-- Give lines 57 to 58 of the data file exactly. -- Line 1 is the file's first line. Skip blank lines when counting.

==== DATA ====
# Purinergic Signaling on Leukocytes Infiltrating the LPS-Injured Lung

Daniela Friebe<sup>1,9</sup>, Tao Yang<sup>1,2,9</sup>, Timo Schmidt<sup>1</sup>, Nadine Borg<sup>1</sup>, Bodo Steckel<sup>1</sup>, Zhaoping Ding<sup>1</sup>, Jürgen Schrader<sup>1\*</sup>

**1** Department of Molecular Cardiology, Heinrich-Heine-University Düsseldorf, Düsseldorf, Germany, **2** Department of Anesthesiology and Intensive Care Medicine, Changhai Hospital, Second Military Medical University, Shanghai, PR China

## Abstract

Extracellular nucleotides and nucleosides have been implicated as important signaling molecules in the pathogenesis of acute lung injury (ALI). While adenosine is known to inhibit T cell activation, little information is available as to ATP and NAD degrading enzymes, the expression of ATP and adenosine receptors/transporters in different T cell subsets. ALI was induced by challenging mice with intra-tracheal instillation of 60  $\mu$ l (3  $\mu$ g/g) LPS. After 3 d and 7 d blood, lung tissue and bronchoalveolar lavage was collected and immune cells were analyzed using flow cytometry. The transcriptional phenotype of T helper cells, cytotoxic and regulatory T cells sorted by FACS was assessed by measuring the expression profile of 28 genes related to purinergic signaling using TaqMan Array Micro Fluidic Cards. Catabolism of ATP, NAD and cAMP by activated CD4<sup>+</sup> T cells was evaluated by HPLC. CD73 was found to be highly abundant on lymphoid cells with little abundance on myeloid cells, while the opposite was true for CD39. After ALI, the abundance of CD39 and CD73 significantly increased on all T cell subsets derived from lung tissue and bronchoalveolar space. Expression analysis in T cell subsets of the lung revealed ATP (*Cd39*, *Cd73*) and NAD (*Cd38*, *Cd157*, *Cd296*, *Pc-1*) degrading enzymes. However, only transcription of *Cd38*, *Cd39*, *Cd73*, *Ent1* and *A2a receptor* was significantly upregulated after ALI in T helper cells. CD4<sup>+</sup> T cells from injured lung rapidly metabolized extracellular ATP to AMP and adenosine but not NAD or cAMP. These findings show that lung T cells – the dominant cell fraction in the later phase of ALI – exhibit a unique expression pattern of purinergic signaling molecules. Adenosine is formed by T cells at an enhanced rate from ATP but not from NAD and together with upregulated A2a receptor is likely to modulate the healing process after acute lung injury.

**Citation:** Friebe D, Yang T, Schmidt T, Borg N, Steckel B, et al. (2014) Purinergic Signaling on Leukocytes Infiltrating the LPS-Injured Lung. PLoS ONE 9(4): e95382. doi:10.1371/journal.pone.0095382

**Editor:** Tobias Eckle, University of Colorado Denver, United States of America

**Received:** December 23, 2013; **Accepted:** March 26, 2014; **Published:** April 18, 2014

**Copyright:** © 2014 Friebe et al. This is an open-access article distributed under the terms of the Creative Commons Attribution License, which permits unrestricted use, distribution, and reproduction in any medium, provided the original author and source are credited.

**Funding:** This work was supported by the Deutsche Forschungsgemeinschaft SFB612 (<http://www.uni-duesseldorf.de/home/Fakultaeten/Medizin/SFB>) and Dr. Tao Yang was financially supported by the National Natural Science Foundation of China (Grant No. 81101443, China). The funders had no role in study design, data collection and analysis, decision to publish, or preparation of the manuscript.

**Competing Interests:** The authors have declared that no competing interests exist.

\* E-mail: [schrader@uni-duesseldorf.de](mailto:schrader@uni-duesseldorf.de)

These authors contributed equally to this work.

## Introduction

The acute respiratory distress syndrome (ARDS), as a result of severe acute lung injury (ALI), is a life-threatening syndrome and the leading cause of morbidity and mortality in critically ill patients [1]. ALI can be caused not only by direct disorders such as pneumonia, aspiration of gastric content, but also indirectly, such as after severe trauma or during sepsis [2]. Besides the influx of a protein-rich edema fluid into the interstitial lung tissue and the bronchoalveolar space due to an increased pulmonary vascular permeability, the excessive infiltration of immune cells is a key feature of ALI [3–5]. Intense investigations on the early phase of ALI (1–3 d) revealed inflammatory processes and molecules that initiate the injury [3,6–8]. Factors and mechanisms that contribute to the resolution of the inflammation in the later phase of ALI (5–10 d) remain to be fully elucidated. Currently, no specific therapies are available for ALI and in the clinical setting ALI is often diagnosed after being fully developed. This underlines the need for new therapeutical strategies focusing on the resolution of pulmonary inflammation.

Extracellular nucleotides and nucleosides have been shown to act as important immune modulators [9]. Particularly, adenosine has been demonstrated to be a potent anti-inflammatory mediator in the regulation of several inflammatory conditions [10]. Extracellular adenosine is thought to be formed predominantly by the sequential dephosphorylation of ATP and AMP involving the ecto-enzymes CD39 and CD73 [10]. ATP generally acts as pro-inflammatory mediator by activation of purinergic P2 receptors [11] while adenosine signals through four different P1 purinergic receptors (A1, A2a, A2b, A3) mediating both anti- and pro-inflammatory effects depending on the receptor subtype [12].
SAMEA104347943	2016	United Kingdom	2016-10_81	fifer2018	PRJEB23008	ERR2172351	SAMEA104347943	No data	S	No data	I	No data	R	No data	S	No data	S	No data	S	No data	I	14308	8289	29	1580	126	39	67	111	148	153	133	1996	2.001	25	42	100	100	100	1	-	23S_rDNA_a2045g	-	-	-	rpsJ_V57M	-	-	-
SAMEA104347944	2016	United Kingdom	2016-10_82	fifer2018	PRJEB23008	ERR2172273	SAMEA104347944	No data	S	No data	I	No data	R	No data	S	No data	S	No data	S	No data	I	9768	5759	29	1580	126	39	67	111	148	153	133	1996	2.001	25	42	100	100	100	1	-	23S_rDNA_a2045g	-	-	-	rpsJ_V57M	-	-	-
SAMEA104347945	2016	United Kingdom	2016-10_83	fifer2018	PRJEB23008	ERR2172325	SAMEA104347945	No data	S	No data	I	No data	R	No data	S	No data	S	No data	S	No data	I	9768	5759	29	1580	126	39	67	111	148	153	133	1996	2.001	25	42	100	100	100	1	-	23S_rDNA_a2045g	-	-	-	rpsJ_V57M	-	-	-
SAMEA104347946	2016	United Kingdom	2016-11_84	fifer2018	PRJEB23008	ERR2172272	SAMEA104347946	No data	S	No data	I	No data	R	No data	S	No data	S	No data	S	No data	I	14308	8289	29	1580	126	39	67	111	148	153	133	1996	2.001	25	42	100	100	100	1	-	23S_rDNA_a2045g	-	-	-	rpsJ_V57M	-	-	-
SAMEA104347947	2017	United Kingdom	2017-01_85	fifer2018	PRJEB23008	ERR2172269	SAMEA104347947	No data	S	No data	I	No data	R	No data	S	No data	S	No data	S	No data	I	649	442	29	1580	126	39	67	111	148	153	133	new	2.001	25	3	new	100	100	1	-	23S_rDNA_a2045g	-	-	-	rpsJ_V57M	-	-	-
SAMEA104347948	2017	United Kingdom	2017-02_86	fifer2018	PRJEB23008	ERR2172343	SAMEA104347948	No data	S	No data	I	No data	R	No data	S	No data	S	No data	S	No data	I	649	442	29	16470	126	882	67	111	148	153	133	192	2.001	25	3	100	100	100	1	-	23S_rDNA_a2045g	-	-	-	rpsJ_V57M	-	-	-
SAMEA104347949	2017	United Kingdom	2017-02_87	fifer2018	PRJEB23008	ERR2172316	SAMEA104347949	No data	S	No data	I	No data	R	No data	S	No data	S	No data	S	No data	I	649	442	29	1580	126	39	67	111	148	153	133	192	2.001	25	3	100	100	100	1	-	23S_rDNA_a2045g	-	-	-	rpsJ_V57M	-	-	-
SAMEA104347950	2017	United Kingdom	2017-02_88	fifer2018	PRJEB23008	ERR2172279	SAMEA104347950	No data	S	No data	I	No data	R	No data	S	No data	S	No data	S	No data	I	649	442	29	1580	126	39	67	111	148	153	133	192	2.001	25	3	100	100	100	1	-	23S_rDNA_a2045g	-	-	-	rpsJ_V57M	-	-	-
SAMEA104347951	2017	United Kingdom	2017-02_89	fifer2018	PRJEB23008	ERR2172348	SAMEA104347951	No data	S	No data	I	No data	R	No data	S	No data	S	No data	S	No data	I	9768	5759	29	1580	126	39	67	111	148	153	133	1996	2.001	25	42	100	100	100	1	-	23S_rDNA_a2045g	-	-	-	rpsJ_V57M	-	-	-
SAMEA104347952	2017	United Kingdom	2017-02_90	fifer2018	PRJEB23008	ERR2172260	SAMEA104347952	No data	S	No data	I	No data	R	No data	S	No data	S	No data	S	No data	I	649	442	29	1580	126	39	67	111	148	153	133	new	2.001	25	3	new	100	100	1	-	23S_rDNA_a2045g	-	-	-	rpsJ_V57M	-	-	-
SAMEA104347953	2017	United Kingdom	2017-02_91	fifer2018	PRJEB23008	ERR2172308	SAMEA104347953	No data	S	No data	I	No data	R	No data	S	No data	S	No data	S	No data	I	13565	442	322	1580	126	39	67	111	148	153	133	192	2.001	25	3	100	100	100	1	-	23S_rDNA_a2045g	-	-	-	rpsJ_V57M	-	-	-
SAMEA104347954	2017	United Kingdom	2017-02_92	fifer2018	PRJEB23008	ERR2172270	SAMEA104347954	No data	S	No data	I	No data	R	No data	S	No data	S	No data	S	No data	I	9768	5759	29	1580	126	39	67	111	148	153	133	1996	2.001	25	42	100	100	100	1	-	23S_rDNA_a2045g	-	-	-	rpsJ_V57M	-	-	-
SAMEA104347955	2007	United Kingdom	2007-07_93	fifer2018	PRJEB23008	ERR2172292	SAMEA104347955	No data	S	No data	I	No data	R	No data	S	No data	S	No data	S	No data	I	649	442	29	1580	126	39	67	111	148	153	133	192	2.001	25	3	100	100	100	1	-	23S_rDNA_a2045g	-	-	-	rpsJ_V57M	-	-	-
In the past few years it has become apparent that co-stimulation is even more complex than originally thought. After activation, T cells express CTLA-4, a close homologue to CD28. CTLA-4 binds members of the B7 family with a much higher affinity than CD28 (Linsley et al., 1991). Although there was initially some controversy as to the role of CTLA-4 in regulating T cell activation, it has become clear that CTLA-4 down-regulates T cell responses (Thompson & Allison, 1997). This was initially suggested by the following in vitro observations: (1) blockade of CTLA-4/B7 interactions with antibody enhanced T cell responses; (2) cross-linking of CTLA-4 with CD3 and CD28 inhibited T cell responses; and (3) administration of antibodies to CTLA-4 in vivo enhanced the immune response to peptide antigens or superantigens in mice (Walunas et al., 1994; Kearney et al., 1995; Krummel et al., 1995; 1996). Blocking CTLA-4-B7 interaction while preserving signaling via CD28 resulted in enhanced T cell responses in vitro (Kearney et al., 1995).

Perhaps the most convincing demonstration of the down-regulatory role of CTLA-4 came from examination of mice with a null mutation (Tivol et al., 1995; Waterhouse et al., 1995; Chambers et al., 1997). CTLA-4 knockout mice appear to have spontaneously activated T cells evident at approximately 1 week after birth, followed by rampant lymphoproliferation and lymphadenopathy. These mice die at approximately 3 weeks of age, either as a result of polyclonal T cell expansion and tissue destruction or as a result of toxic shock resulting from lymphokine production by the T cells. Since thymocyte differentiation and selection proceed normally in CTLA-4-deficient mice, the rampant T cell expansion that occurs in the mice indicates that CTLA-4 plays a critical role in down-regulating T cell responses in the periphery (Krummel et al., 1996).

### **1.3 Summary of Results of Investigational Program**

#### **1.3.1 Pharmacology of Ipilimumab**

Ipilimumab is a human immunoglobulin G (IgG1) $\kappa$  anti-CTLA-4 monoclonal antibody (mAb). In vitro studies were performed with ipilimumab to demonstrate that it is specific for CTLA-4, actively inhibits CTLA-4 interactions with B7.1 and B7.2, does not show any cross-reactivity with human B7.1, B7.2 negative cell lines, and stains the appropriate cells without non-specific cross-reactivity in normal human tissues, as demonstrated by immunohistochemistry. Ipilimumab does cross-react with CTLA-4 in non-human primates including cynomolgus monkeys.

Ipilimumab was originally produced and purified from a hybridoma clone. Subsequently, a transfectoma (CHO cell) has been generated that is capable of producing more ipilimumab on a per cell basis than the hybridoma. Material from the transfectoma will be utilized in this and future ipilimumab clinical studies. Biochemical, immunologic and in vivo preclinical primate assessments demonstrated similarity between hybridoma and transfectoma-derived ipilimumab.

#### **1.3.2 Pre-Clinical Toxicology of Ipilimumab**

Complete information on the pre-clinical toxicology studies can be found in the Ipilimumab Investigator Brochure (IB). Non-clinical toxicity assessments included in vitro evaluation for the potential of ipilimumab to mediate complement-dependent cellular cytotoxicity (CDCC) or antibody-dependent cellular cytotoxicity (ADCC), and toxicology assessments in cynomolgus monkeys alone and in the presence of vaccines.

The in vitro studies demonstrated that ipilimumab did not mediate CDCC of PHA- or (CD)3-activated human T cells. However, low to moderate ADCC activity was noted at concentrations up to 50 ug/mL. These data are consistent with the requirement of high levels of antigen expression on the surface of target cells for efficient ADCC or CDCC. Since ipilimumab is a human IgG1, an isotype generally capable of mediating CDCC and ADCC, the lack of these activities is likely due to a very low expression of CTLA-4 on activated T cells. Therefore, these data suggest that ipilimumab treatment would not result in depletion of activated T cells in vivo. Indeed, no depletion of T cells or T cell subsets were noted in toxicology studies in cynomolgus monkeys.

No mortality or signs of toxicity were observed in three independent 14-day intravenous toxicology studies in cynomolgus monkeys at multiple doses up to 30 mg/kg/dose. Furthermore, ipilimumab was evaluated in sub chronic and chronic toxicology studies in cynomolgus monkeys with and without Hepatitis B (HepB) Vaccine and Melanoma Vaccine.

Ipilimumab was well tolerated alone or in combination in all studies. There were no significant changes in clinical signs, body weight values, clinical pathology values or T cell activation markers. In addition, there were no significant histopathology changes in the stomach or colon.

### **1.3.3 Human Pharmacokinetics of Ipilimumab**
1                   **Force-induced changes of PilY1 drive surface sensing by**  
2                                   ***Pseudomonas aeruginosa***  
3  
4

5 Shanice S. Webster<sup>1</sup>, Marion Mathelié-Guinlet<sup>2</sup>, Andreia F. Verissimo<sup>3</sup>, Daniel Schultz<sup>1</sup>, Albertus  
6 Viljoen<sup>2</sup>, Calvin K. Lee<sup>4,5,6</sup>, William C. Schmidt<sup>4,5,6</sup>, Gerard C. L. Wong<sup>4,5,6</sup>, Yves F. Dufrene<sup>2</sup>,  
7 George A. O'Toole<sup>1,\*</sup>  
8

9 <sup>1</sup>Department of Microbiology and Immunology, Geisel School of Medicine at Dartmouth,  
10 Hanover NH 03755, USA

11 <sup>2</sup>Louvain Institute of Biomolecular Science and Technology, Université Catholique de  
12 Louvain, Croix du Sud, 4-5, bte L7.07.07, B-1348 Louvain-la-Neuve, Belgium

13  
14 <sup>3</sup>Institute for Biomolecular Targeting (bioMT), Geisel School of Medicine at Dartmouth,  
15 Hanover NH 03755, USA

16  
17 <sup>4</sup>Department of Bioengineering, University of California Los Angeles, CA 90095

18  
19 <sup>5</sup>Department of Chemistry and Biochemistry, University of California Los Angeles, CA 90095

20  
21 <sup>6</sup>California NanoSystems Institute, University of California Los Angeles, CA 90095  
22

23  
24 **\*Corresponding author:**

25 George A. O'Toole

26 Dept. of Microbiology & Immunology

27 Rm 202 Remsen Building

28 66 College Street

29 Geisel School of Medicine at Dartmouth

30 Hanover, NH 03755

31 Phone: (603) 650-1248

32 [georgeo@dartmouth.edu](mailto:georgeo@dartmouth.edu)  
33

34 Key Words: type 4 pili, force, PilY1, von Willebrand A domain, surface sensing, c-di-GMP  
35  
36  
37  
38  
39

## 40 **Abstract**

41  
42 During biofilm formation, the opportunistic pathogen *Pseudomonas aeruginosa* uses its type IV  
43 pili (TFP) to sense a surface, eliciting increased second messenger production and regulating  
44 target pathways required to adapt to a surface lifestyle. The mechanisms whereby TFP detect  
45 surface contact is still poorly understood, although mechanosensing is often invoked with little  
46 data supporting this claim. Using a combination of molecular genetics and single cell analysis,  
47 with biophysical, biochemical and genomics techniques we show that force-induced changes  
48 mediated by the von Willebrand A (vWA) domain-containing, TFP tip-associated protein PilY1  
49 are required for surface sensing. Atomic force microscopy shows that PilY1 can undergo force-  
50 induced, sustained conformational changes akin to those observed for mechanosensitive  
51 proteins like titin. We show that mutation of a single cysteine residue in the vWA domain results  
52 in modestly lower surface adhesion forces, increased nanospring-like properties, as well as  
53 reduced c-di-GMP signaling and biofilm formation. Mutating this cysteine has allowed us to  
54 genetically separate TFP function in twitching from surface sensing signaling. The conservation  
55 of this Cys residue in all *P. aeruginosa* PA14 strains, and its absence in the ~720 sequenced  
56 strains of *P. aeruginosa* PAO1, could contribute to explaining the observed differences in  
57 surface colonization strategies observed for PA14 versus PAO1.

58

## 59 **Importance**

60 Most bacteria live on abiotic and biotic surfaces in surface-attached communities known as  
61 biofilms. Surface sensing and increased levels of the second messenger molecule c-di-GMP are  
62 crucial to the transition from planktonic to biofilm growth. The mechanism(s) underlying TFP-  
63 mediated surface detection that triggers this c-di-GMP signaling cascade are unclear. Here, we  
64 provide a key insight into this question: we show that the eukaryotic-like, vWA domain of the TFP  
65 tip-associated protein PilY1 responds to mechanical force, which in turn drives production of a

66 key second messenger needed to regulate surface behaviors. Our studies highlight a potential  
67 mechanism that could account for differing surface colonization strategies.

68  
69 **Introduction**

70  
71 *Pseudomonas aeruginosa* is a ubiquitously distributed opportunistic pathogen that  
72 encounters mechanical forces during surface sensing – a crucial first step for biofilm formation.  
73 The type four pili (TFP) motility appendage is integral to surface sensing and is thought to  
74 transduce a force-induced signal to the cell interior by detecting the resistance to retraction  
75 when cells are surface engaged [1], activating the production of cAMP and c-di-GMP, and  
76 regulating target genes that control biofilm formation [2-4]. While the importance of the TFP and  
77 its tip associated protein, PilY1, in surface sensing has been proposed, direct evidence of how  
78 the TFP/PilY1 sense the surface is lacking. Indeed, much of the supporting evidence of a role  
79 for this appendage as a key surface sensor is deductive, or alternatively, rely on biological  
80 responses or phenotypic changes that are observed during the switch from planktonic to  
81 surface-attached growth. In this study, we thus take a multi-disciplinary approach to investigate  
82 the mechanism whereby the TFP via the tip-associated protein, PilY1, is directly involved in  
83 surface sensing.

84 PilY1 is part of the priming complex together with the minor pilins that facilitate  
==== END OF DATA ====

16  
17 <sup>4</sup>Department of Bioengineering, University of California Los Angeles, CA 90095